8. Course (c) might provide a temporary solution, but in view of Uruguay's previous attitude it would be desirable, if you agree, to make an approach through the Uruguayan Minister here in order to ascertain whether this course would be acceptable, emphasizing that this arrangement would be but a temporary one and that for the moment it would not be possible to appoint a resident Minister. Such an arrangement, which would call for an F.S.O. Ill or IV as Charge d'Affaires (with one Canadian stenographer and locally engaged staff), it is estimated would cost approximately $32,000 annually.7
9. Colombia first requested an exchange of diplomatic missions in 1942. After receiving repeated requests, the Prime Minister agreed in November 1947 to the establishment of a Colombian diplomatic mission in Ottawa on the understanding that no assurance could be given with regard to the date of the establishment of a Canadian mission in Bogota. This invitation was communicated to the Colombian Government. A further request made in the form of a telegram from the President of Colombia to the Prime Minister was received in February, 1948 and in replying we reiterated our previous invitation and added that insofar as reciprocation was concerned, this "may prove feasible sometime in 1949". The Colombian Government took no action with regard to (his renewed invitation but apparently have not lost sight of the matter, since Dr. Zuleta raised the question in the course of his conversation with you. You replied to the effect that you hoped it would be possible for us to make arrangements to establish a mission in Bogota in the near future. Since Dr. Zuleta's visit to Ottawa, we have again been approached by him through our Ambassador in Washington. On that occasion, Mr. Wrong replied in the same vein.
10. When the question of an exchange of missions with Colombia was previously considered, it was suggested that we establish a joint mission with Venezuela. Discreet inquiries, however, revealed that Colombia and Venezuela would only be willing to share an Ambassador provided he were to reside permanently in their respective capitals. It is therefore assumed that we should only consider a separate mission in Bogota. The case for this mission may be stated as follows:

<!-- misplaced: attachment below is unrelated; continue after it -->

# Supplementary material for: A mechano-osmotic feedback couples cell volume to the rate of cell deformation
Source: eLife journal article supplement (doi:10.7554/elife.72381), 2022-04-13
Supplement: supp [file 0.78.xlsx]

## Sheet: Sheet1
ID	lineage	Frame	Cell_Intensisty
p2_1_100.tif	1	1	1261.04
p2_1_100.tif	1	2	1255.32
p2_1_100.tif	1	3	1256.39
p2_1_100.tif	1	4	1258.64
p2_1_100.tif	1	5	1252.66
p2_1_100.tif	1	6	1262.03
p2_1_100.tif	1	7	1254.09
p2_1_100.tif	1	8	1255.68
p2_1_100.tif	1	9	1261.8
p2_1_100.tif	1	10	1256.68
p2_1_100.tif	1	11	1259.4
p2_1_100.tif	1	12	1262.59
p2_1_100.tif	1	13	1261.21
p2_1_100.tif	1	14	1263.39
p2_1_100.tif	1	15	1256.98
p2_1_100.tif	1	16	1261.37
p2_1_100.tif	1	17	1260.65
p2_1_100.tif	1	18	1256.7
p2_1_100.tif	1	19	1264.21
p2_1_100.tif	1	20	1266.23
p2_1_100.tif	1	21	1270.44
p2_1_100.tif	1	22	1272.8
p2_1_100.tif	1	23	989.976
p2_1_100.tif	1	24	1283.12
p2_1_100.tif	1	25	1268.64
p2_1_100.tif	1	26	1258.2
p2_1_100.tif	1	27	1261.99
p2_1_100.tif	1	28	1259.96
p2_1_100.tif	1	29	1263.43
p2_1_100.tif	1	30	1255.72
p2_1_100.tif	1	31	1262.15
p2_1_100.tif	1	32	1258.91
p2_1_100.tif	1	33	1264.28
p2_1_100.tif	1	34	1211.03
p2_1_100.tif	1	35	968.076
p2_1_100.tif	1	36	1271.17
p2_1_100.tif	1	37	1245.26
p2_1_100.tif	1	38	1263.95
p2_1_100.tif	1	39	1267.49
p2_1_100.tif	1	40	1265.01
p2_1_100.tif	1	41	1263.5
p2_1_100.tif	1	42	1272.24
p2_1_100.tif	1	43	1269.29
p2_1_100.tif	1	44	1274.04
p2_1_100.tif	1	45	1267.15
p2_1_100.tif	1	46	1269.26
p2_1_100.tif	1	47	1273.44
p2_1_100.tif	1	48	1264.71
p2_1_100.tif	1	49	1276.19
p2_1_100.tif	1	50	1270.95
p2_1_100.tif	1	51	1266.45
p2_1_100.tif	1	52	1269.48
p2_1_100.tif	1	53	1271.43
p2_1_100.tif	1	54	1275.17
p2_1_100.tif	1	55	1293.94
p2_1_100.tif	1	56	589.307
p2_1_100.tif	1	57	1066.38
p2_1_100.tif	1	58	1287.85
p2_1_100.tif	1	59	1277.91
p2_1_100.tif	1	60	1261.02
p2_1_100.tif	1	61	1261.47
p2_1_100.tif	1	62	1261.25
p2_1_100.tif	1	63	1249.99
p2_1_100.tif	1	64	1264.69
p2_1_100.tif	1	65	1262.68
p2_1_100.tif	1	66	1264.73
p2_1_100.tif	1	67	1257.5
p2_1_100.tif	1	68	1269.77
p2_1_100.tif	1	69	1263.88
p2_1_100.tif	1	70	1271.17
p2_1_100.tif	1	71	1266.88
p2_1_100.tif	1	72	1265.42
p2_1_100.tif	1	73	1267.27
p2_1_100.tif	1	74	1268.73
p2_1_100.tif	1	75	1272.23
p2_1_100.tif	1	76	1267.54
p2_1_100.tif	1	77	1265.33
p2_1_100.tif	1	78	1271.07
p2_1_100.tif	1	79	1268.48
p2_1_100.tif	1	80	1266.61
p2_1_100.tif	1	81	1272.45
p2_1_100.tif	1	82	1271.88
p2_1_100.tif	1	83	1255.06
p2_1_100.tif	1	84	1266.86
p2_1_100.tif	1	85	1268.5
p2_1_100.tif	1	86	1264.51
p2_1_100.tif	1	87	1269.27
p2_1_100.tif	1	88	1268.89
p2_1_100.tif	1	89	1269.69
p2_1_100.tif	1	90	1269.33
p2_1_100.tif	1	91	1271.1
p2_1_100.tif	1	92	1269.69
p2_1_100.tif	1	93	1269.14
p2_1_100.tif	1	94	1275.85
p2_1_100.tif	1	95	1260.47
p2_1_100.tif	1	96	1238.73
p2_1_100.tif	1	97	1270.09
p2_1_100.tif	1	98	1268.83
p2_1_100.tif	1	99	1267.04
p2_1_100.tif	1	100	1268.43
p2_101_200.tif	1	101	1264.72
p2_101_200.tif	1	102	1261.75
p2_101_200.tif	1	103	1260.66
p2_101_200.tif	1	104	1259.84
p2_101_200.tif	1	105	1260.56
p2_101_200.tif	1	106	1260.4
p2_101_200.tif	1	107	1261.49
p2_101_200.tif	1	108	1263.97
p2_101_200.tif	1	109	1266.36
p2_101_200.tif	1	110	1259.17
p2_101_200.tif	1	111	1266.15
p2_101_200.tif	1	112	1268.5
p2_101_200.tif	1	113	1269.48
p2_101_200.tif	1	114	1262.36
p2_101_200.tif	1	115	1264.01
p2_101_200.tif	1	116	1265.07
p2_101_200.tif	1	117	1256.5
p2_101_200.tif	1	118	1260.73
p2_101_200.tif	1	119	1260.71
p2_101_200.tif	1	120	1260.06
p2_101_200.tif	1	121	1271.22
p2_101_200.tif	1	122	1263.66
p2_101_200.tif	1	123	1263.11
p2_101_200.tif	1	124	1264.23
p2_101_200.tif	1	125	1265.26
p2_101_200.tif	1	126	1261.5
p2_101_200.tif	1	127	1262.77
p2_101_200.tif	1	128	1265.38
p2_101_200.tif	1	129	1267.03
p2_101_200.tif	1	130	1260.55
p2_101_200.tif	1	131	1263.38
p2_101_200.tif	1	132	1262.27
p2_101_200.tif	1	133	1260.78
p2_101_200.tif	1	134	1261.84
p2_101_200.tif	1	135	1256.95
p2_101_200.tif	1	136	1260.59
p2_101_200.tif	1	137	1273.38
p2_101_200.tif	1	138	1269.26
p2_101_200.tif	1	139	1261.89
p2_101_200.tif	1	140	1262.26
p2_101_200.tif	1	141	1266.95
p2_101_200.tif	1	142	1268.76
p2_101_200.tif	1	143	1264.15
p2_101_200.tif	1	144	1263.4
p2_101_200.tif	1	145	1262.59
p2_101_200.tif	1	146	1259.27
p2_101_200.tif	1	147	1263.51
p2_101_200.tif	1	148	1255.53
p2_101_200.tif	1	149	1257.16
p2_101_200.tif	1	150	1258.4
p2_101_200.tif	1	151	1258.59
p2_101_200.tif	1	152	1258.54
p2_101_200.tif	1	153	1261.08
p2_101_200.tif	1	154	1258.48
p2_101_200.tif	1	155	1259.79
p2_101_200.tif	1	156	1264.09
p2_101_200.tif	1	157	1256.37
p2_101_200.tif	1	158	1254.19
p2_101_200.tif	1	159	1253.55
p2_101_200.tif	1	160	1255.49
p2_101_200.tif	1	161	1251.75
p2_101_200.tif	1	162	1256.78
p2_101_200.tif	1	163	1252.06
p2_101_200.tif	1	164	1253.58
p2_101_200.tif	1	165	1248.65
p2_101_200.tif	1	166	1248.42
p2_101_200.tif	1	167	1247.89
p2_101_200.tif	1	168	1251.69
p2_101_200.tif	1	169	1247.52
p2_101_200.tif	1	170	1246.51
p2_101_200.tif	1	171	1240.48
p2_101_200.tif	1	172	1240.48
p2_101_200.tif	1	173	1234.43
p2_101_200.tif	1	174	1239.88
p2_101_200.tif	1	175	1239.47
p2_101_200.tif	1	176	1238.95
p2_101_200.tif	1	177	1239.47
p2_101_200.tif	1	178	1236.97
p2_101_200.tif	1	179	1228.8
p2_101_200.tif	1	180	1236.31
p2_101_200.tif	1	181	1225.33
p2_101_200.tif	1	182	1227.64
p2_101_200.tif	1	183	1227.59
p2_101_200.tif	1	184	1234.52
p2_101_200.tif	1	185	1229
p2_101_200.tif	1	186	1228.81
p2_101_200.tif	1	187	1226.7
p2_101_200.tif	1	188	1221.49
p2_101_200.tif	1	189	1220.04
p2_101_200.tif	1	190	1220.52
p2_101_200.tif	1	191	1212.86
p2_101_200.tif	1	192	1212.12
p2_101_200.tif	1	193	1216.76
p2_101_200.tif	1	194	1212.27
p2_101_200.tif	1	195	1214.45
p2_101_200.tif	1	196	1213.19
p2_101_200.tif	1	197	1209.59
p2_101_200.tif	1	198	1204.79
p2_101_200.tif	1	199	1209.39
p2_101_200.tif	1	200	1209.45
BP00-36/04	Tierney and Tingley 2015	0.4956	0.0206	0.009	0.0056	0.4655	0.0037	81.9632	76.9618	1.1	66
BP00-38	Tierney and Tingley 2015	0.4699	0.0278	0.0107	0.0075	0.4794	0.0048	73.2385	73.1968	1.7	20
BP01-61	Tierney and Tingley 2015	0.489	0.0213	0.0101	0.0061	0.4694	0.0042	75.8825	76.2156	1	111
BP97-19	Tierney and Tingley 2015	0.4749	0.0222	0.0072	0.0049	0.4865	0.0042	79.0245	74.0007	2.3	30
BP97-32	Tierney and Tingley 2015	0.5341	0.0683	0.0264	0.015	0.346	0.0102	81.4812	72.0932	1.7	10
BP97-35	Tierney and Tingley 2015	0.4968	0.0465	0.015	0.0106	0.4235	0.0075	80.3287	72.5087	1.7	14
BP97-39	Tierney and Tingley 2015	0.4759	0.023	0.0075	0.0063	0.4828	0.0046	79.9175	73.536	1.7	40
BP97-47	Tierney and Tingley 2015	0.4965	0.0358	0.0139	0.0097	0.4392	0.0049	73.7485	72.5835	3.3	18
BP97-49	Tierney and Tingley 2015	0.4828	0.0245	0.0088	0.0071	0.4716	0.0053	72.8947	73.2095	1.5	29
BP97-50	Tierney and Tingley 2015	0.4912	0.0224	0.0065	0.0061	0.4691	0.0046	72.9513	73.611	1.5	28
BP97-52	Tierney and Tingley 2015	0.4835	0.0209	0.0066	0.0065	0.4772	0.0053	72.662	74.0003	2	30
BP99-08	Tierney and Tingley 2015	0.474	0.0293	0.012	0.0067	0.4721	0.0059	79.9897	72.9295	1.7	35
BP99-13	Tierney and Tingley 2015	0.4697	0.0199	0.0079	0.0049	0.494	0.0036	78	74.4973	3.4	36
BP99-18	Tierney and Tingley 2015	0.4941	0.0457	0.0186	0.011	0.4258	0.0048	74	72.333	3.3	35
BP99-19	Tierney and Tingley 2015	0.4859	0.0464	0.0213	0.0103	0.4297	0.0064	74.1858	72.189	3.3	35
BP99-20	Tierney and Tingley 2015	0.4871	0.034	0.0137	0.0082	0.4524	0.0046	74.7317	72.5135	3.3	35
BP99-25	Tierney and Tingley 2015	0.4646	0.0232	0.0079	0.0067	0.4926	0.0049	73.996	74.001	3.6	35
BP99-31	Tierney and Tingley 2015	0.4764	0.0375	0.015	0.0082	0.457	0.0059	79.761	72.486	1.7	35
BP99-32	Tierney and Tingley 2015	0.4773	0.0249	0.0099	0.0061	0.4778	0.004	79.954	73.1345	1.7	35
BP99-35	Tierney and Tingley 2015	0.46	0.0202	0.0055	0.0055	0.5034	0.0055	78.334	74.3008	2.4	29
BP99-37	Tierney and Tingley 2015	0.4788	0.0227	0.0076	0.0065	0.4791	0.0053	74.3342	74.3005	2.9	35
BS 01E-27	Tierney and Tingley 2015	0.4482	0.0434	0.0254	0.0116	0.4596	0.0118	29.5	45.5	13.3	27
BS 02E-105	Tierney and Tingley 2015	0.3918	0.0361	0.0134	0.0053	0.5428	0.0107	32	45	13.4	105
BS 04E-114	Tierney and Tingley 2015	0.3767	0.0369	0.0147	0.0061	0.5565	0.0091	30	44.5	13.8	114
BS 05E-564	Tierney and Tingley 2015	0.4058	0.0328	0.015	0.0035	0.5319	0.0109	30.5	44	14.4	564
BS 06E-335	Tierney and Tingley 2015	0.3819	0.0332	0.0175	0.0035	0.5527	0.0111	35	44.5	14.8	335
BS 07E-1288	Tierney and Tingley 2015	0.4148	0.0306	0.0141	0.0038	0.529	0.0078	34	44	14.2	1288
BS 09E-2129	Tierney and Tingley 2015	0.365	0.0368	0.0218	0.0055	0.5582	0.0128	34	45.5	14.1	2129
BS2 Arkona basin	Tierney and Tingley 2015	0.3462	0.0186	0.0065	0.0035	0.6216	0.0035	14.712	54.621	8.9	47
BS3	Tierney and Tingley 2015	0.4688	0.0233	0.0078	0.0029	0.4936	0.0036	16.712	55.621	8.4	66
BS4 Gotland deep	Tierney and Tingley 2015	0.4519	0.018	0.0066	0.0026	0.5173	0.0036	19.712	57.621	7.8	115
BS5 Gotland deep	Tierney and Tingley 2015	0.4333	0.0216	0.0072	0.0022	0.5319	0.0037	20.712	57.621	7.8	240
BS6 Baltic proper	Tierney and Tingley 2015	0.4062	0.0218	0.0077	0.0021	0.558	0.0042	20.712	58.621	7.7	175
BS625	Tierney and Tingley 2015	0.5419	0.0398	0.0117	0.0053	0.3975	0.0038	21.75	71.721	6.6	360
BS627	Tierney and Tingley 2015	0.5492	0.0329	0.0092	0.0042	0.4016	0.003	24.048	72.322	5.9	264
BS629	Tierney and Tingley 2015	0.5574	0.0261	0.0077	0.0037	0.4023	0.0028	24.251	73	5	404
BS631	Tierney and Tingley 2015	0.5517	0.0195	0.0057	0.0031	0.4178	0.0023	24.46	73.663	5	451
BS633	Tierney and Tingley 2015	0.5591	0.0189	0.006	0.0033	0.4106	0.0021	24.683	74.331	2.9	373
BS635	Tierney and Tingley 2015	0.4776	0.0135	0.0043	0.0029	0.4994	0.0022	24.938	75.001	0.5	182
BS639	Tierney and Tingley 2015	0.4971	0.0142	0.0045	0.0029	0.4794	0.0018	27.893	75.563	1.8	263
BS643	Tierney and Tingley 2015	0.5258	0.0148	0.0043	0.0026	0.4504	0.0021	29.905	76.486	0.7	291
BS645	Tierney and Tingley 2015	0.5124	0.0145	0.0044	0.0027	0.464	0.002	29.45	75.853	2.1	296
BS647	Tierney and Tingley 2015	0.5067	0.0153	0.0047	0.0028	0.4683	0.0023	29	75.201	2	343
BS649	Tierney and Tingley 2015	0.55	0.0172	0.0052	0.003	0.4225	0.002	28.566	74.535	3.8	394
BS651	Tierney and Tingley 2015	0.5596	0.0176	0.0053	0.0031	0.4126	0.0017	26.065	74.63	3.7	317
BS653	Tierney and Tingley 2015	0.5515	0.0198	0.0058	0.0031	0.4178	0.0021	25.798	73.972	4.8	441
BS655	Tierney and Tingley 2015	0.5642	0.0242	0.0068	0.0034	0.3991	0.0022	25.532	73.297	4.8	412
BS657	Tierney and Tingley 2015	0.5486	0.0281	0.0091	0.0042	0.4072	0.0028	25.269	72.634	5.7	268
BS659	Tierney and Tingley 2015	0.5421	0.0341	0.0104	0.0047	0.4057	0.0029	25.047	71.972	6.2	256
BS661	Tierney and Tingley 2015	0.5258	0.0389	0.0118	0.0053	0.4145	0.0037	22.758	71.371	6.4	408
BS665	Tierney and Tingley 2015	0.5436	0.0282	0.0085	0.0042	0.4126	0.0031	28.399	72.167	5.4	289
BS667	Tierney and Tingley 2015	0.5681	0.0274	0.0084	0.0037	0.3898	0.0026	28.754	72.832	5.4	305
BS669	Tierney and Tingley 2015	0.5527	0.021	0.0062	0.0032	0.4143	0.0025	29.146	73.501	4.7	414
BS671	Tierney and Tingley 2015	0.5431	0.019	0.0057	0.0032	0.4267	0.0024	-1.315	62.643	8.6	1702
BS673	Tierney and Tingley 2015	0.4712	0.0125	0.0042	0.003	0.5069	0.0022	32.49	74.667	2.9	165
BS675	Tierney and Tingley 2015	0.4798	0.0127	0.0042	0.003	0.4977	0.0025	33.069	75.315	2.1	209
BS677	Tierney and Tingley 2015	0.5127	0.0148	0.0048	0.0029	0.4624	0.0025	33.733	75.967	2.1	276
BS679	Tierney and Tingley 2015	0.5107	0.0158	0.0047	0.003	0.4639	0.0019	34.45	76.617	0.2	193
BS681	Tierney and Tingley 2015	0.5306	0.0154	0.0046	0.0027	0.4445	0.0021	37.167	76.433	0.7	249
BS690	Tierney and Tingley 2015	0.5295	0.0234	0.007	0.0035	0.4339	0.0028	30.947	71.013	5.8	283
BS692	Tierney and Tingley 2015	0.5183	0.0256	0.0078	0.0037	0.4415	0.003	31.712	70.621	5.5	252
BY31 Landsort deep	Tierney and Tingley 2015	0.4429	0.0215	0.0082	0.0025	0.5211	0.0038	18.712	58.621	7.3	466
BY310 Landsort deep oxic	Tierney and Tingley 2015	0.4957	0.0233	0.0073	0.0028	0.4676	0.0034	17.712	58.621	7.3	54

(a) Colombia ranks as the fourth largest nation in Latin America and until recently had a good record of internal stability and democratic government. At the present moment, in common with other Latin-American nations, it is facing serious economic difficulties stemming principally from the shortage of exchange, inflation, and high living costs. However, observers are generally agreed that once these difficulties have been overcome, the country will develop rapidly and in the long run will rank next to Argentina and Brazil among the leading Latin-American republics. During the war, Colombia had a consistent anti-Axis record and was among the first South American republics to sign the United Nations Declaration.
(b) Canada has substantial economic interests in Colombia. Canadian firms operating in this country include the Tropical Oil Company, a subsidiary of the International Petroleum Company of Toronto, the Royal Bank of Canada (four branches), the Confederation Life Assurance Company, the Pato Consolidated Gold Dredging of Vancouver, capitalized at $5,000,000, and the Nechi Consolidated Gold Dredging of Vancouver, capitalized at $4,000,000.
(c) Canada's trade with Colombia in 1948 totalled over $16,000,000, more than double our total trade with both Chile and Peru. In this respect, Colombia ranks seventh as a Latin-American market. The Department of Trade and Commerce consider that Colombia will eventually prove a more important market for Canadian goods than Cuba, Chile and Peru. As a whole, Canada's trade with Colombia in recent years has shown a substantial increase, as the following table will show:
The principal commodity which Canada imports from Colombia is coffee. The principal Canadian exports are newsprint, aluminum products, machinery and wheat.
(d) There are approximately 250 Canadian citizens resident in Colombia. The majority of these are employees of the firms mentioned in (b) above.
(e) Of late, there has been a considerable increase in consular work, which in the absence of a Canadian diplomatic mission has to be handled by the British Embassy (the Trade Commissioner's office, however, handles passport work). An additional burden is therefore being placed on the British Embassy which is already short of staff.
(f) There is a great deal of goodwill for Canada in Colombian business and governmental circles. III part, this goodwill stems form a long historical attachment to Great Britain and the British Commonwealth; it also arises from an admiration of Canada's war effort by a population only a little larger than Colombia's. The office of the Trade Commissioner in Bogota is repeatedly being called upon to answer queries concerning Canada and requests for assistance in placing students in Canadian schools and universities. At the present moment there are approximately 125 such students in Canada.